Friday, April 30, 2010

Just in from the NRCS


Hugh Hammond Bennett (right). Bennett pursued creating a national soil conservation agency
and helped establish the precursor to the NRCS. Photo location and date unknown.
NRCS CONSERVATION LEGACY REACHES BACK TO 1935
Boise–April 2010 marks the 75th Anniversary of a landmark in conservation. It was the beginning of a federal commitment to private land conservation when Congress established the Soil Conservation Service in the U. S. Department of Agriculture in 1935, known today as the Natural Resources Conservation Service (NRCS).

“Initially NRCS focused on helping farmers combat erosion through changes in agricultural practices,” said Jeff Burwell, Idaho NRCS State Conservationist. “Over the years, NRCS has expanded to become a conservation leader in comprehensive natural resource planning and conservation on private lands, ensuring they are protected, restored and made more resilient to environmental challenges.”

NRCS works directly with farmers and ranchers on projects that reduce water pollution, control erosion, conserve water and energy, restore wetlands, enhance wildlife habitat, and so much more. Last year in Idaho NRCS provided $19,186,368 to help fund conservation work on private land. Over 1,157,000 acres were treated for a variety of resource concerns that ranged from inefficient water use to wind erosion and from aquifer overdraft to increasing pasture productivity and health.

Hugh Hammond Bennett pursued creating a national soil conservation agency and helped establish the precursor to the NRCS. Photo location and date unknown. “The history of our agency is closely tied to the vision of one man - Hugh Hammond Bennett,” said Burwell. “Hugh was a passionate soil conservationist who saw the need to protect our nation’s farmland soils from the threat of erosion.”

Hugh Hammond Bennett surveyed soils in the early 1900s, mapping soil types and their characteristics in the eastern United States. He saw firsthand what damage soil erosion caused to farms and fields. He realized that erosion damage could eventually impair the nation’s ability to produce food. Bennett believed soil conservation was needed and, though speeches, articles, and alliances, pushed for a national soil conservation agency.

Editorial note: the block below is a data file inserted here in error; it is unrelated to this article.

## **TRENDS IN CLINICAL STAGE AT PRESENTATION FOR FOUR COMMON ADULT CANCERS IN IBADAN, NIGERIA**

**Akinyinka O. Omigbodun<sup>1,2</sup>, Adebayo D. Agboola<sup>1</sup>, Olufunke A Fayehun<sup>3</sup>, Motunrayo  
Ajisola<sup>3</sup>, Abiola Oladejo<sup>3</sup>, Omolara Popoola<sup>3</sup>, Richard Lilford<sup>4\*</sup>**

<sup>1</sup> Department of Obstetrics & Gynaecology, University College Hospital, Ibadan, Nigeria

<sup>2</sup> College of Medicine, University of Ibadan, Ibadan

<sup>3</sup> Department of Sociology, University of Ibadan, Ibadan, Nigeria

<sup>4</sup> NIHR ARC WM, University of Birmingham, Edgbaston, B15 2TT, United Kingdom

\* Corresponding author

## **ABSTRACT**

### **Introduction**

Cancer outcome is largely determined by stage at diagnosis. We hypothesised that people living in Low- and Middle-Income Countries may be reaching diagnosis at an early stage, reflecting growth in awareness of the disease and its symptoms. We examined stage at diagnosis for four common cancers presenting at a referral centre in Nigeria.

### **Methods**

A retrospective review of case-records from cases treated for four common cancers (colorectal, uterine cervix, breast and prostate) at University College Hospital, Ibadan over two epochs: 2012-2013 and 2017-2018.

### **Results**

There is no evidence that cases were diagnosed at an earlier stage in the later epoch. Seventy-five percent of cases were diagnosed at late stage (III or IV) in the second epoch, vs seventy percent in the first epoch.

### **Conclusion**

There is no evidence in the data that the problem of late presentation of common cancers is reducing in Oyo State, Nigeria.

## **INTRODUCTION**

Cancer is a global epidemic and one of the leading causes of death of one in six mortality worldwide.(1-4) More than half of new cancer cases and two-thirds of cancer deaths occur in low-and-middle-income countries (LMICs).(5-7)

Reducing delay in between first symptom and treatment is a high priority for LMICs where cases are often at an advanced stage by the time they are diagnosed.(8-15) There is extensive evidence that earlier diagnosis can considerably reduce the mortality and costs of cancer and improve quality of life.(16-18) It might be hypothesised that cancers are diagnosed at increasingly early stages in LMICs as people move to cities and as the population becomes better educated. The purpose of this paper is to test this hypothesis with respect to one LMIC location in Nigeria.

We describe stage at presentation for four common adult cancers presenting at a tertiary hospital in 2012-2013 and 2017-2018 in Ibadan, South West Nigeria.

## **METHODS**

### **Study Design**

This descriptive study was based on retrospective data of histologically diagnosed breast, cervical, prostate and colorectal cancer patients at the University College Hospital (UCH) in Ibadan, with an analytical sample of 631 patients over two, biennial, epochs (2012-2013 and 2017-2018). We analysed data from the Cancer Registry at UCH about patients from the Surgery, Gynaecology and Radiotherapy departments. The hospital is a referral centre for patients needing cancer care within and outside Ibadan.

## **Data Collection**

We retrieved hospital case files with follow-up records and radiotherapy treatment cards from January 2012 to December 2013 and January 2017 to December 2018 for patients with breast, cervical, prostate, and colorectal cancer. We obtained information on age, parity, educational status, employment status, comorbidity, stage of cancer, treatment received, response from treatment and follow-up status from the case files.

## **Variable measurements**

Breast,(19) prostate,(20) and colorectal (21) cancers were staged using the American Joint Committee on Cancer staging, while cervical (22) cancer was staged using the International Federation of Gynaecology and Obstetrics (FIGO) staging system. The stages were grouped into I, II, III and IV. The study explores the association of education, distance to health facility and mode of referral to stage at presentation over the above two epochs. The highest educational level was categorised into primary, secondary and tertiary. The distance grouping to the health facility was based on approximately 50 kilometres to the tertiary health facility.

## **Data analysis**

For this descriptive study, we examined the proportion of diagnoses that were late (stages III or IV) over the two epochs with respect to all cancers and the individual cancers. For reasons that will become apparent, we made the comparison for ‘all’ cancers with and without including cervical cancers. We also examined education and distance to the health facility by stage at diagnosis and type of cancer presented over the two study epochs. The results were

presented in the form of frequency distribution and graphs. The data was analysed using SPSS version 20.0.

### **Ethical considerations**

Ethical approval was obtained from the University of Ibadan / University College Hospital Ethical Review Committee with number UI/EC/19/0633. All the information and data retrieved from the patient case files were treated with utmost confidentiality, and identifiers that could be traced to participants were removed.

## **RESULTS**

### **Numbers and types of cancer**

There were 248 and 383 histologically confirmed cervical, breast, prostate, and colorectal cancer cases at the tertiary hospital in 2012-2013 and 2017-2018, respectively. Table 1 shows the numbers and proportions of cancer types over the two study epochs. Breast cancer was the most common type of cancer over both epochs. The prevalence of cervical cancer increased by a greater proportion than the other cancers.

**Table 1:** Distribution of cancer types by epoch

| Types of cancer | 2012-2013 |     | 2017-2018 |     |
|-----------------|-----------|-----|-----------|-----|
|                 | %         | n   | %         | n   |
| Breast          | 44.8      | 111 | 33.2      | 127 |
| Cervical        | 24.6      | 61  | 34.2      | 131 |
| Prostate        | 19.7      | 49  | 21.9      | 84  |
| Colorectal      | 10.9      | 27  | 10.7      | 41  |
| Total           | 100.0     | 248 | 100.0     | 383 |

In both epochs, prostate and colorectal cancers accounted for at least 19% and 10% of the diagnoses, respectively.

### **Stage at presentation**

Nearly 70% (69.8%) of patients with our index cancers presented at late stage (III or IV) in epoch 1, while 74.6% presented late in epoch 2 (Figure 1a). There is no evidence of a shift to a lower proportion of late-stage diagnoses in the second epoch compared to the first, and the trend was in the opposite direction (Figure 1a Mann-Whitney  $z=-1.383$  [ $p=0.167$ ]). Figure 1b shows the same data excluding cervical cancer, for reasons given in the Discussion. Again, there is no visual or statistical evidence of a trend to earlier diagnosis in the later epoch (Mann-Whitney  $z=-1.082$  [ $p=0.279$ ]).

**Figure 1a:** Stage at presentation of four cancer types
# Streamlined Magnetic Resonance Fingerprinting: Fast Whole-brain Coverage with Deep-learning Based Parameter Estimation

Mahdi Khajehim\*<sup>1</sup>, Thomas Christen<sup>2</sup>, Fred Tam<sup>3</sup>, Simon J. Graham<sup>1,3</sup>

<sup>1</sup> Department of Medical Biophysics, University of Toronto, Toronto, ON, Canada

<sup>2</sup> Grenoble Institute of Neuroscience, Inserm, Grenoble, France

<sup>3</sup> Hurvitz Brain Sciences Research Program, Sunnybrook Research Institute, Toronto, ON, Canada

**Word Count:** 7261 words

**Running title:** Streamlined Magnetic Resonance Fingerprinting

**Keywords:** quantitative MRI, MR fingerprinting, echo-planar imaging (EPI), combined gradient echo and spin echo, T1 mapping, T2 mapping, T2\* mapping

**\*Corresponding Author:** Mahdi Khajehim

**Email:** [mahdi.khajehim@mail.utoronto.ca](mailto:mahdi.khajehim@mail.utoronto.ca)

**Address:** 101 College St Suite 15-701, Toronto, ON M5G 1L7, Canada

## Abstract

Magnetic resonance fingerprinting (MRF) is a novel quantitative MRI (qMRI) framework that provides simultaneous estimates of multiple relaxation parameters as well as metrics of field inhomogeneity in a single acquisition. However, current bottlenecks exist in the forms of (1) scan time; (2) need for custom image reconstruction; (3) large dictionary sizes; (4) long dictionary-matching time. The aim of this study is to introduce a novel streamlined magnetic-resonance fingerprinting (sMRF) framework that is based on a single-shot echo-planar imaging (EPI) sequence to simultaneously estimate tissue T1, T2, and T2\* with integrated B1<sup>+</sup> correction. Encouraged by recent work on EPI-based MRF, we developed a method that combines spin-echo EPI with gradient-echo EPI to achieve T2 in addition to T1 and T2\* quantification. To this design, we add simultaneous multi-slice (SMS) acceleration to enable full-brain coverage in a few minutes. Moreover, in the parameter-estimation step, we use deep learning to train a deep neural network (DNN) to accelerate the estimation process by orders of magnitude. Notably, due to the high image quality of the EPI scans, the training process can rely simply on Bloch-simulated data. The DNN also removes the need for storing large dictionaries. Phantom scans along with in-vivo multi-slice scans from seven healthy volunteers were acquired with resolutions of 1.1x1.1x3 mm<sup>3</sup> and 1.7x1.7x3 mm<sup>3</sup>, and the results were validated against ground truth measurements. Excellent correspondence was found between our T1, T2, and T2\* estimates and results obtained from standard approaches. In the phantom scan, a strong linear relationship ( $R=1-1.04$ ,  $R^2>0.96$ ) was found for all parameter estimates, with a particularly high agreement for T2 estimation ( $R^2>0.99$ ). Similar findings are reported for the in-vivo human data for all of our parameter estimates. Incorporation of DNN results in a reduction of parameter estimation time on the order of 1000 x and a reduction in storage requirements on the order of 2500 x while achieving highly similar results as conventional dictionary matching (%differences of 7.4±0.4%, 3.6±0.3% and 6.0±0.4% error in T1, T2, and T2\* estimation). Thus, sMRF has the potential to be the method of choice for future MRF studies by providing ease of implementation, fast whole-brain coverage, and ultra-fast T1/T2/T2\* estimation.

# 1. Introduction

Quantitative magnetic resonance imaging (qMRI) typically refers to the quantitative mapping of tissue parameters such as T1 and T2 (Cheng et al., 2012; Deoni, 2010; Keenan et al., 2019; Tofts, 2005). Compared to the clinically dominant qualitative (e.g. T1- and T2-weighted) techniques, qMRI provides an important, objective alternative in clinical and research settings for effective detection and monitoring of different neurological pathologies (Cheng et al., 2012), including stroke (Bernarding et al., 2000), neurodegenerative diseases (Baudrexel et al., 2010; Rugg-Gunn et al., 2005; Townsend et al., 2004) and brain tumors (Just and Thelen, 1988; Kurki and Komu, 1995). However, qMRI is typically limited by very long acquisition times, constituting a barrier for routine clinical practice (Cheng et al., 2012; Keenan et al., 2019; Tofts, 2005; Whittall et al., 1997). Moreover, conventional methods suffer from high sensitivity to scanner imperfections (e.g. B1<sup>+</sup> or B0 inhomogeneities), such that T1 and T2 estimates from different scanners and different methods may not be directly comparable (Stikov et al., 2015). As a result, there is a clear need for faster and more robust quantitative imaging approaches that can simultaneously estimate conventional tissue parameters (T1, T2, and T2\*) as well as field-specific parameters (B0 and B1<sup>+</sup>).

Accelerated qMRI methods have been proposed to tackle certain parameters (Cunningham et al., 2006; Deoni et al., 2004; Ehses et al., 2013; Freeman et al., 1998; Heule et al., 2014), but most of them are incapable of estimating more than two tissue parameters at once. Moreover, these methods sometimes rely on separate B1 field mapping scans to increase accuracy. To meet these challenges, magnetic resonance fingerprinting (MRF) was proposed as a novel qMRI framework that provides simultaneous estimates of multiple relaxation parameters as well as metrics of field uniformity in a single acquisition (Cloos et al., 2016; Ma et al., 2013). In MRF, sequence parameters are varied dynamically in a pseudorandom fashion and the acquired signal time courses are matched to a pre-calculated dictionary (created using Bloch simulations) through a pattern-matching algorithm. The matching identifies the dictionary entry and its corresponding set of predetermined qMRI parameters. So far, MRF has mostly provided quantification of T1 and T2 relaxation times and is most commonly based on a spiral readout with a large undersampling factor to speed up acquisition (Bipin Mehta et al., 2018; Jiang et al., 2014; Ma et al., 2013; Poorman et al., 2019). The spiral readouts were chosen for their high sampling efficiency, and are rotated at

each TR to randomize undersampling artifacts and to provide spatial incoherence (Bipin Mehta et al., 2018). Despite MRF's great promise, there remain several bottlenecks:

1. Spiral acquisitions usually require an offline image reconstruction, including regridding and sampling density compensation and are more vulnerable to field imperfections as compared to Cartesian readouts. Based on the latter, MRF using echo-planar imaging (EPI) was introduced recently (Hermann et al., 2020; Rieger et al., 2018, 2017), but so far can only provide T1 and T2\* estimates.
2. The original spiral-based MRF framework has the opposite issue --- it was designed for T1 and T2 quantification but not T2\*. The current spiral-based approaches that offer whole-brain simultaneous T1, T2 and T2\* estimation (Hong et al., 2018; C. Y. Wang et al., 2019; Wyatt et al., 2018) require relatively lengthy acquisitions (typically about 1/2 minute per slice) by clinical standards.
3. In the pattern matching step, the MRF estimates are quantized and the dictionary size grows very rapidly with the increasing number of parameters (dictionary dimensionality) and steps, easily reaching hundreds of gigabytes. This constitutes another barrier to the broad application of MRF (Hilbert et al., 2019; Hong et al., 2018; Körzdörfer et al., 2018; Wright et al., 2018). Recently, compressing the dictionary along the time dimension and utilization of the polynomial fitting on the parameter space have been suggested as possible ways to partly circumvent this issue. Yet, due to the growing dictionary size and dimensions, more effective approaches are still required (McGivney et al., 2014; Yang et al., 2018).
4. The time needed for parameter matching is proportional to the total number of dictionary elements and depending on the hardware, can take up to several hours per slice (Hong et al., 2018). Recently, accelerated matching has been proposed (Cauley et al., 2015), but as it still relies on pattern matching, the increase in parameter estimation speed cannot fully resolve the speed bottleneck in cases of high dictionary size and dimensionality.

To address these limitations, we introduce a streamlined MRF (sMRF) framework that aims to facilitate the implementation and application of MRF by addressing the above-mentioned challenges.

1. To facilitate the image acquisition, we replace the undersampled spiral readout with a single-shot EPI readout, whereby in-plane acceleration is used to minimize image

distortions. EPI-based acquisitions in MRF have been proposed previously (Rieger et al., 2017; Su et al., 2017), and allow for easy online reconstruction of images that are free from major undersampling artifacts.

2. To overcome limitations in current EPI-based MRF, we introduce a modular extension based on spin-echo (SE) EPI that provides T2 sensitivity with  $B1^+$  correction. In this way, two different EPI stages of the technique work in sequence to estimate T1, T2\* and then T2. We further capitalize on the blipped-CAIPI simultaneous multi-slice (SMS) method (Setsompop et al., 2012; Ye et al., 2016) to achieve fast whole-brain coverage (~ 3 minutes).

In 1933, with Bennett at the helm, the Soil Erosion Service was formed in the Department of Interior. It was transferred to the Department of Agriculture in 1935 as the Soil Conservation Service. In 1994, the agency was renamed the Natural Resources

Two notable principles formed in those early years still guide the agency’s work today: developing conservation work plans cooperatively with farmers and drawing on expertise from a variety of specialties like agronomy, forestry, engineering, and biology to effectively approach soil conservation.

“Bennett started the tradition of working one-on-one with landowners during the Great Depression with demonstration projects on local farms,” Burwell said. “The personal connection between the trained conservationist and the land users became the hallmark of our agency.”

Another hallmark of the agency is working cooperatively with Conservation Districts. To spread successful conservation practices beyond the demonstration projects, states were encouraged to form conservation districts to help the Soil Conservation Service promote private land conservation. The conservation districts involve local landowners in conservation planning and priority setting. Idaho’s law was passed in 1939. Today, there are 51 soil conservation districts in Idaho that work together with NRCS.

The 1985 Farm Bill was the first that funded conservation work on agriculture land. Since then, conservation funding through the Farm Bill has swelled 300% and Farm Bill programs have increasingly become part of the agency’s goals and services.

Together with private landowners, other agency partners and the soil conservation districts, the Natural Resources Conservation Service will continue to help conserve that most essential ingredient for plant life – soil.

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